Only His Love

A story from the point of view of Blanche Ingram

Disclaimer: Jane Eyre isn't mine. Surprise Surprise. Do you really think that Charlotte Bronte would trouble herself writing fanfiction when she's already so busy being...dead?

Author's Note: I wrote this for a book report...I always thought Blanche was an interesting character. Aren't snobs FUN?!


Mr. Rochester has every reason in the world to be in love with me.

I've let my natural charms flourish when in his presence; I laugh delightedly at each joke he makes, rather I find it humorous or not, and behave far more coquettishly when near him than any of the other gentlemen.

Then again, any of the other gentlemen would surely adore me by now.

Oh, Mr. Rochester gives the perfect impression of being enamored. He even went so far as to pantomime our marriage during a game of charades. Towards me, he is never cross or harsh as he is with the others, and he never ceases to flash me a smile, which seems quite an out-of-character contortion of the face considering his countenance.

But when he thinks my attention has wavered from him, he constantly sneaks glances at that governess. I haven't the faintest idea why he could be the least bit interested in her. She is plain, perhaps even homely, and certainly not of a high class society as I am. Rather, she appears to be timid and quiet, and yet he seems to have developed some strange attraction toward her. While he hardly speaks of her, when he does, those dark eyes that slightly frighten me (though not enough to cause me to lose interest in him and his vast fortune) seem to sparkle a bit.

Those eyes don't seem the type that should sparkle, and yet they do.

The idea that he could have the slightest bit of affection towards that mouse of a girl is simply ludicrous. Why would a man of his fine stature lower himself to that meek, unattractive thing?

Perhaps it is because she shows such affection to that little French brat, Adèle, a feat that even Mr. Rochester himself has not accomplished. And yet he does not seem the type to care if a woman loves a poor orphan child; while he is, I suppose, amiable enough, he is rather wry, and doesn't seem the compassionate sort. I honestly do not know why he has even kept the girl for so long. It is all very likely that she is the illegitimate child of himself and some former mistress, but he seems not the type to take mercy on the unlucky offspring.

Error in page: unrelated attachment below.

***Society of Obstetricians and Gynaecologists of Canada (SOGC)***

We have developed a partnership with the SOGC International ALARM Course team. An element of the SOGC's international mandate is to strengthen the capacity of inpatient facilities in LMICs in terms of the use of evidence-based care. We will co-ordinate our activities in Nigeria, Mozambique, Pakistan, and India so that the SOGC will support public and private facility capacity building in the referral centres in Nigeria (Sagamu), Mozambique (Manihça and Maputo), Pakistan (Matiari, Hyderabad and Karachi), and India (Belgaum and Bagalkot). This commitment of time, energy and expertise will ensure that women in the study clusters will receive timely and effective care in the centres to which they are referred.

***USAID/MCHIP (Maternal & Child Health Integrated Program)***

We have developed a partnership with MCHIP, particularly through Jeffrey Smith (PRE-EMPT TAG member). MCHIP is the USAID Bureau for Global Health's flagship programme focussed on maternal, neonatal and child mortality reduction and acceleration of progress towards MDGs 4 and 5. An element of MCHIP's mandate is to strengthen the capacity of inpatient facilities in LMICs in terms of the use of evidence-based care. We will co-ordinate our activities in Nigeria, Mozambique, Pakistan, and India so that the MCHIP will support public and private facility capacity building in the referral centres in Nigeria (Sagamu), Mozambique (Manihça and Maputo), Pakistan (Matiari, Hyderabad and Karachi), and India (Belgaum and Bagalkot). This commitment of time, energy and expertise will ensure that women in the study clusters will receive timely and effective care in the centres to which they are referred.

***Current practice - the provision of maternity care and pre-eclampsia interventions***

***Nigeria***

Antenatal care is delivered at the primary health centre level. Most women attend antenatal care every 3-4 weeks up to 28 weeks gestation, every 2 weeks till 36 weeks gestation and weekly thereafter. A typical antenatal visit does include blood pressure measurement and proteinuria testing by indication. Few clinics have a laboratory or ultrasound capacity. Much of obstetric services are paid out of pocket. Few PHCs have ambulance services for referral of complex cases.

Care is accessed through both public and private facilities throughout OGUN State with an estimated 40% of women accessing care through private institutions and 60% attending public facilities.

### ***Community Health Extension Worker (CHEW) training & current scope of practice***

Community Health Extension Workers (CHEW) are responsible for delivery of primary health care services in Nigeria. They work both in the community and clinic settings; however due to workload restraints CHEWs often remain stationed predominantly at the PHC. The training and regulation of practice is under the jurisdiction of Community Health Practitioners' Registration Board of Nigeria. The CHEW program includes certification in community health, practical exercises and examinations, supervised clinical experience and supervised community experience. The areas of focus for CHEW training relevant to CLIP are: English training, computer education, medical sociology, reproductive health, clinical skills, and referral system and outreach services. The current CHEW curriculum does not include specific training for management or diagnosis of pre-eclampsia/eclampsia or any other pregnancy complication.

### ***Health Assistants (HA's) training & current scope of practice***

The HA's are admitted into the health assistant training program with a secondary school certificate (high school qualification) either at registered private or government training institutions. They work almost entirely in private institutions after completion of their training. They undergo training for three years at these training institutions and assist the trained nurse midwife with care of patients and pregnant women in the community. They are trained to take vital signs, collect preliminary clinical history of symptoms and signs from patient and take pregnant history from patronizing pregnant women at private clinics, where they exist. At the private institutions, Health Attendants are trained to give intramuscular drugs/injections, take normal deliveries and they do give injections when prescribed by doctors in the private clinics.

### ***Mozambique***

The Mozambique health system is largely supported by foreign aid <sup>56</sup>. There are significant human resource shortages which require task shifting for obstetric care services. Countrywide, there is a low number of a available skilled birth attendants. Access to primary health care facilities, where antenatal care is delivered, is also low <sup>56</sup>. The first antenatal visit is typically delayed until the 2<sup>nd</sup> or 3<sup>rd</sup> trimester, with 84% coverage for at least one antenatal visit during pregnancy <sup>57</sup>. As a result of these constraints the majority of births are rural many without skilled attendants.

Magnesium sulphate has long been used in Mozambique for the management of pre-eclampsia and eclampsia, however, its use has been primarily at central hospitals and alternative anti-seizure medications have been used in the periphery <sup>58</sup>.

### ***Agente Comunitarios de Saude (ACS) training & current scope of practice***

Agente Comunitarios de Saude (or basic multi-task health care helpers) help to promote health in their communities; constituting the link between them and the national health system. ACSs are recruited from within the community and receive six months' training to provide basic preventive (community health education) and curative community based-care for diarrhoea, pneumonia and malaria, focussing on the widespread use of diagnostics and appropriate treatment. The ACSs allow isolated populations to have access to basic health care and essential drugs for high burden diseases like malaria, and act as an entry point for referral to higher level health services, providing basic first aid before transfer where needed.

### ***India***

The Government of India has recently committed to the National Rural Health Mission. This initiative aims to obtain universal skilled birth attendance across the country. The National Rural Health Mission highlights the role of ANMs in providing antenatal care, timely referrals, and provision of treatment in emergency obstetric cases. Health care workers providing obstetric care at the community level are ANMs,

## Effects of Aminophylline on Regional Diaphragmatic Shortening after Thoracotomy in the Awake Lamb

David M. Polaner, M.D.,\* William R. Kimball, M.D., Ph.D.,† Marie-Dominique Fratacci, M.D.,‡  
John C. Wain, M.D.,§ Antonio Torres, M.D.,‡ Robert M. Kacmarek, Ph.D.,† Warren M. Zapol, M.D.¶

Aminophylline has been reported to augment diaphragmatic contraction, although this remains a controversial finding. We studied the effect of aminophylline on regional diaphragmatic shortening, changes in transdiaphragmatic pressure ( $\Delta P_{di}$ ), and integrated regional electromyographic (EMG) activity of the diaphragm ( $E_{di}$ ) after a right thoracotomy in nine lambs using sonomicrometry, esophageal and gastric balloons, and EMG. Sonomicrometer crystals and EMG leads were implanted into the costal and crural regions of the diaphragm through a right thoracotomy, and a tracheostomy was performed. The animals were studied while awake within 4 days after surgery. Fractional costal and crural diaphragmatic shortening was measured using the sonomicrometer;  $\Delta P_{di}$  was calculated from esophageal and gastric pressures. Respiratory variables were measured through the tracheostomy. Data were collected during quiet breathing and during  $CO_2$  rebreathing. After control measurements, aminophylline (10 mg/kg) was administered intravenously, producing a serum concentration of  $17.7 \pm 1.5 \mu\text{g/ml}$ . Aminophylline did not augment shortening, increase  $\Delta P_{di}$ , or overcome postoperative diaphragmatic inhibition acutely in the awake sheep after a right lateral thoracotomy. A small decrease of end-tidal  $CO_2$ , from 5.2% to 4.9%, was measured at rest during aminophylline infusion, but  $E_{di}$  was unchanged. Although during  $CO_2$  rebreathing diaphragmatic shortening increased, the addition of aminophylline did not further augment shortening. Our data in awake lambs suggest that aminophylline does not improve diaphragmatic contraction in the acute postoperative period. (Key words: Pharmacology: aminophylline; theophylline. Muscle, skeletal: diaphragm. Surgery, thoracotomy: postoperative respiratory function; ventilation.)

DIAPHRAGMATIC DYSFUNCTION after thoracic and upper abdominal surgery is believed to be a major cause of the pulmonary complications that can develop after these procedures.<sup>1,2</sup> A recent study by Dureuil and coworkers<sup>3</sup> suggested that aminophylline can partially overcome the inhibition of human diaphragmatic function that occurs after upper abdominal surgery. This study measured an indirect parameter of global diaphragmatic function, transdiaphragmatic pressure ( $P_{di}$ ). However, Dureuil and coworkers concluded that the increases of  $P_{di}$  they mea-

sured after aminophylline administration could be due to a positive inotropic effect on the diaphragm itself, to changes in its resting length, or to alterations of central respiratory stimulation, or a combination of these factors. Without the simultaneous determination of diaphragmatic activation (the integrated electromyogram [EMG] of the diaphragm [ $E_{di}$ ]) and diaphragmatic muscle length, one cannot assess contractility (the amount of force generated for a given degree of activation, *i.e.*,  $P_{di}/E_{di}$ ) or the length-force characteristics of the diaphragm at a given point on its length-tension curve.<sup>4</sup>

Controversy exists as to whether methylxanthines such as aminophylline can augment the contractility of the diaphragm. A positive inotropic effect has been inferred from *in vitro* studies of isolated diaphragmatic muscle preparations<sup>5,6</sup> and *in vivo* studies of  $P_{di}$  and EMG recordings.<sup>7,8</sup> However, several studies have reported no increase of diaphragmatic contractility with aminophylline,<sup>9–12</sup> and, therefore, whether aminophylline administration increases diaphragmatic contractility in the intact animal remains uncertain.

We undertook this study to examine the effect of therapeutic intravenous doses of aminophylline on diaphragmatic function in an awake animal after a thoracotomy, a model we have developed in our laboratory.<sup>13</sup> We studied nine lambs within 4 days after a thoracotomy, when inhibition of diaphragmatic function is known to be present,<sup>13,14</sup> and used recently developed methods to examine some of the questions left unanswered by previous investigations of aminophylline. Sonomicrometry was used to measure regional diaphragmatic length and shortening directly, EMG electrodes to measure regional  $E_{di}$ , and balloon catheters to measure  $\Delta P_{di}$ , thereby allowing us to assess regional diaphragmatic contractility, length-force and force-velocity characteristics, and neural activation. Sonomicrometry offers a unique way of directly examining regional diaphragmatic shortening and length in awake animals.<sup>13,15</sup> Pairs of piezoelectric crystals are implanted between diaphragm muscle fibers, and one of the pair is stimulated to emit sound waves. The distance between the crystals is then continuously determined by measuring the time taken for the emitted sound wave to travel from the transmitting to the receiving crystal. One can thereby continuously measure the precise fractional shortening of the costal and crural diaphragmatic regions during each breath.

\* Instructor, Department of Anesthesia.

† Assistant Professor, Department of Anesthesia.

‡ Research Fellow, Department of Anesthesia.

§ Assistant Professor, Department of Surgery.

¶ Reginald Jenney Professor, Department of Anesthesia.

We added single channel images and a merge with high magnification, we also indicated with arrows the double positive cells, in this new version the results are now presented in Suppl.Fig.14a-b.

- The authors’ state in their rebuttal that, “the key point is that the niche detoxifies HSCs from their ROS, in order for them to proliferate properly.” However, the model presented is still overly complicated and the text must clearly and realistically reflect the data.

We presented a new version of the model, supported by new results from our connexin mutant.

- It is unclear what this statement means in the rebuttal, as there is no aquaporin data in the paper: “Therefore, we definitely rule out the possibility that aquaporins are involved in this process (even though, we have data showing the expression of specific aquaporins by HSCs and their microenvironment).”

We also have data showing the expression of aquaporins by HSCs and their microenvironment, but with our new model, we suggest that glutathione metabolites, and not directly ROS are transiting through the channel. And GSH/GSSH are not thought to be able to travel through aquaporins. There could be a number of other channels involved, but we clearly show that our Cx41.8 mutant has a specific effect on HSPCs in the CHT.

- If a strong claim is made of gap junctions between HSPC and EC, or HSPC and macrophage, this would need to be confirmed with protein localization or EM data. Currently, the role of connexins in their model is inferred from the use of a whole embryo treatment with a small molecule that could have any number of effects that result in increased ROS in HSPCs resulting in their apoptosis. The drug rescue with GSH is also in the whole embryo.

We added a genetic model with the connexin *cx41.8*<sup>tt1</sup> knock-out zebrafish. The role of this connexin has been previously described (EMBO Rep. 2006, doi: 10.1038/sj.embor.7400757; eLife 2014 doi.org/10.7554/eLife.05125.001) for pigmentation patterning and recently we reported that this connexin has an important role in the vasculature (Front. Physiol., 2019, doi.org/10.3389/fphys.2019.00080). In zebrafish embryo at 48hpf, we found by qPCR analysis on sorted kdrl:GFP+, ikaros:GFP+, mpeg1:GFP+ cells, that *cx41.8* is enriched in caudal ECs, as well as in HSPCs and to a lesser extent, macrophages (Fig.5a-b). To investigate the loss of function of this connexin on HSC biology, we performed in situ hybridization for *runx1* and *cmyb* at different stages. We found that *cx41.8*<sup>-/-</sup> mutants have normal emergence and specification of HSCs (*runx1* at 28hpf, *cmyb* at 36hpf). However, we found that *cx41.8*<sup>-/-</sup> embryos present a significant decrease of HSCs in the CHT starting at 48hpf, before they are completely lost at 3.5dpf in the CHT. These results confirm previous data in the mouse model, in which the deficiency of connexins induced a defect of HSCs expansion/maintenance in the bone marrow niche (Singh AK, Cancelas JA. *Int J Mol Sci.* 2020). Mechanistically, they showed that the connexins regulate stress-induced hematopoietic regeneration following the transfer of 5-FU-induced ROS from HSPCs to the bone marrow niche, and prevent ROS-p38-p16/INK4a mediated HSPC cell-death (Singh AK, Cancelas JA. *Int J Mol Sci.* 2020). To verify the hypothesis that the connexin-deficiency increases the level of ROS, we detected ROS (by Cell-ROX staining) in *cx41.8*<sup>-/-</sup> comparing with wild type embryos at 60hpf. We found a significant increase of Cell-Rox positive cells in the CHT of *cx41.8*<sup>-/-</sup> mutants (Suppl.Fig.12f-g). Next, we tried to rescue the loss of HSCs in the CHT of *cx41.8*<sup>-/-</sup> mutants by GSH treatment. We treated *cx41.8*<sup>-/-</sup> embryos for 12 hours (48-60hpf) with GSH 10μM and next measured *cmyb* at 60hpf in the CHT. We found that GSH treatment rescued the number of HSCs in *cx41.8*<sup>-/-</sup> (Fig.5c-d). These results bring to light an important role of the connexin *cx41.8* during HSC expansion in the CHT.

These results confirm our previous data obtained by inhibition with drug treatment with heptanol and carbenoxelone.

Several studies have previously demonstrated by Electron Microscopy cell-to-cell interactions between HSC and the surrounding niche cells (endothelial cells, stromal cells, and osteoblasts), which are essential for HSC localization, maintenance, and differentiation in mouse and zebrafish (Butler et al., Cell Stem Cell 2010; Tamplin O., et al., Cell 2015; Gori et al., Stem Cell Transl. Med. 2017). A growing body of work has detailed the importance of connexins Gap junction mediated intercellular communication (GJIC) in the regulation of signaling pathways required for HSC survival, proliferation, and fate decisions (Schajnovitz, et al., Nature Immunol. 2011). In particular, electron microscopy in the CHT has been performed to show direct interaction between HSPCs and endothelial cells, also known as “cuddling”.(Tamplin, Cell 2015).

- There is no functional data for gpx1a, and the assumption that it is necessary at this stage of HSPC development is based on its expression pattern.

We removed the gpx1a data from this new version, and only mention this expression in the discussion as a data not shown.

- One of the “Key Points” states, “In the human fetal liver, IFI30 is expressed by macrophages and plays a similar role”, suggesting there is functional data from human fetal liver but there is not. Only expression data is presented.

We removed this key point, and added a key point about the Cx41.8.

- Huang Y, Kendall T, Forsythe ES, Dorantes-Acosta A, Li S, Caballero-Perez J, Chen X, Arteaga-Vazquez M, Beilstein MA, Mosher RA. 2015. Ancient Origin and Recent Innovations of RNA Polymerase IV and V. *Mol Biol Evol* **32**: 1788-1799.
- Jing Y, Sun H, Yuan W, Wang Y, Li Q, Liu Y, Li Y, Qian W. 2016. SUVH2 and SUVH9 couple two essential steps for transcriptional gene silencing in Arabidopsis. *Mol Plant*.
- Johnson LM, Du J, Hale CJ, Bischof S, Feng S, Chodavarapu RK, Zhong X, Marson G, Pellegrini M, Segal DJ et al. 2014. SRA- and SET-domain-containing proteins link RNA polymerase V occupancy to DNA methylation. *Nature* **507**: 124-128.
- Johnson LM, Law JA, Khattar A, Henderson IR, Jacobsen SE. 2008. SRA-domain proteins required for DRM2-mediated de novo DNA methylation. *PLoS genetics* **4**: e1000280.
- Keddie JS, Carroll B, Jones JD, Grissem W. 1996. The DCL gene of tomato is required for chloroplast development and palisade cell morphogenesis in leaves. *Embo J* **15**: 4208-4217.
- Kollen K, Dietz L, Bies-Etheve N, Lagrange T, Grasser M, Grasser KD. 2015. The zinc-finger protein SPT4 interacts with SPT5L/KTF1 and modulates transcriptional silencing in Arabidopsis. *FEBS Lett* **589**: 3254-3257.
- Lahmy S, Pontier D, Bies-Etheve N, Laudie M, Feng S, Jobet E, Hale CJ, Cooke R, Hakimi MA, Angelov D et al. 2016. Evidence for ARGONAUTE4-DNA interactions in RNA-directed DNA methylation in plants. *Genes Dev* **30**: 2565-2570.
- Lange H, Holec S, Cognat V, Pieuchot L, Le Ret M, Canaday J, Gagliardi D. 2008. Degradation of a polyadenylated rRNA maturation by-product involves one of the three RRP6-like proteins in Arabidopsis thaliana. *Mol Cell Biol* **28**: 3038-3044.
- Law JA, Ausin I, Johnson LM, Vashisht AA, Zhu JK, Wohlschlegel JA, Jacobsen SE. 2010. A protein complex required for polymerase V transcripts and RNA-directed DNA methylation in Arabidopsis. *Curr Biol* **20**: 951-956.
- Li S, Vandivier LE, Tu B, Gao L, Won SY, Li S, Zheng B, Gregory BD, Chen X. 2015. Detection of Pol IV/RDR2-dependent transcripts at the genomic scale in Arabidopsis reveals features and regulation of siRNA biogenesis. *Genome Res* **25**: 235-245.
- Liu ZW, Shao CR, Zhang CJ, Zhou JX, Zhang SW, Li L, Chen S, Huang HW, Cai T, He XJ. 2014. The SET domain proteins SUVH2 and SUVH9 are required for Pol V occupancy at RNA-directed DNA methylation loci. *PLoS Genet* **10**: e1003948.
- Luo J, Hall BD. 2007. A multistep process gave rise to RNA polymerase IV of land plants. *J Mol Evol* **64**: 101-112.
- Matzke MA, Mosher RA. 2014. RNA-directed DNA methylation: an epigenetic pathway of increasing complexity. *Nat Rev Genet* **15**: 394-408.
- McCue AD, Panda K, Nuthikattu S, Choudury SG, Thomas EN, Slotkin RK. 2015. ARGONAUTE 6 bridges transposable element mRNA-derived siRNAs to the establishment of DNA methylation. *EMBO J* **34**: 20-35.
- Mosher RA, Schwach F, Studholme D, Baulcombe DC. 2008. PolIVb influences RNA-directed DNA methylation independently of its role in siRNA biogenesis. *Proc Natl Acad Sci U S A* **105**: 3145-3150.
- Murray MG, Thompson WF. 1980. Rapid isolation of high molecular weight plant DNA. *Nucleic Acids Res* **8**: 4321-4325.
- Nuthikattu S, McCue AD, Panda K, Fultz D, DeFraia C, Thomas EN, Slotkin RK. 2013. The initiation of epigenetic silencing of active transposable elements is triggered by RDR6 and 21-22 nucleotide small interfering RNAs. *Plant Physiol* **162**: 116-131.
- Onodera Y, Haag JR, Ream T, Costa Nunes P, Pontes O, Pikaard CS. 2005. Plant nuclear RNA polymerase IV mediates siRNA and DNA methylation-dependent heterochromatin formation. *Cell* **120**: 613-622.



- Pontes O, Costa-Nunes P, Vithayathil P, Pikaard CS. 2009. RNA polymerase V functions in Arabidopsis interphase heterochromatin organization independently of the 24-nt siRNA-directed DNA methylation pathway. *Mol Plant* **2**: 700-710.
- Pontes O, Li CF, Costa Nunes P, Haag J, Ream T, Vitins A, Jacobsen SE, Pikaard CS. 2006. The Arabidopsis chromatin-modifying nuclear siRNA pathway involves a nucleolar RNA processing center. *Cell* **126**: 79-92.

I study my reflection in the mirror as I muse over these things, lightly tracing the lines of my face with my fingertips.

I am all too aware that I am beautiful, and have never pretended otherwise. What good is modesty, anyhow? It can get you nowhere.

My skin is a flawless café au lait, smooth as the porcelain face belonging to a little girl's doll. Ebony ringlets dance their way down my shoulders, a waterfall of midnight sky; my eyes are a rich chocolate brown. The clothes encircling my shapely figure are the very best: purchased in the most elite boutiques in France, chosen with care.

I then glance at Miss Eyre, sitting quietly in the corner and speaking tenderly to the little girl. She absently plays with one of the child's ringlets, affection glowing in the air around her.

The governess is certainly unlovely; not the least bit handsome. Her hair is a plain, dull shade of brown, as are her eyes, and she's a bit too thin, as though she was deprived of good meals as a child and has yet to make up for the loss of food. Fashion seems an alien thing to her, from where she sits in her plain brown frock, and I suppose it is all quite reasonable. After all, she is only a governess, and is therefore not fit to dress like a woman of importance.

There is nothing truly revolting about her, but nor does she possess any extravagant features. She is plain, and only plain, so plain that it seems the word may have very well been invented for her description.

No, I decide at once, There is no need even comparing her to myself.

Still, I cannot look away.

I suppose she is good, though goodness has never meant a thing to me. Yes, she must certainly be good, the way that she smiles at that little brat as though she were the sweetest of angels.

Mr. Rochester doesn't seem one to appreciate goodness in a person. Men, I have learned from past experiences, often don't appreciate the soul of a woman. As long as she is charming and beautiful, and sparkles like a diamond on his arm at social occasions, she has served her purpose and can be asked to do nothing more.

I have known for quite sometime now that I will be able to fulfill these duties of the wife, and perfectly. For years, I have shaped the personality of Blanche Ingram so she excels at all of these things.

And still, I suppose I am not good.

The door to the parlor swings open, and Mr. Rochester enters, possessing the dark and brooding air that never seems to leave him, even when he smiles and laughs. Miss Eyre looks up from Adèle at once, and a strange glimmer dances in her eyes as she watches the master of the household. He looks briefly in her direction, and at once her gaze falls from him, cheeks now flushing a brilliant scarlet.

Mr. Rochester's eyes are dancing as well: sparkling in that way that I cannot stand to watch.

And all at once I know.

He does prefer her to me.

Perhaps he even loves her, and the reason is so dreadfully simple as to why that it almost embarrasses me that I did not realize it sooner.

I want his riches, his mansions, his wealth.

She wants only his love, and he only hers in return.

And, ironically enough, love is the only thing that I cannot give.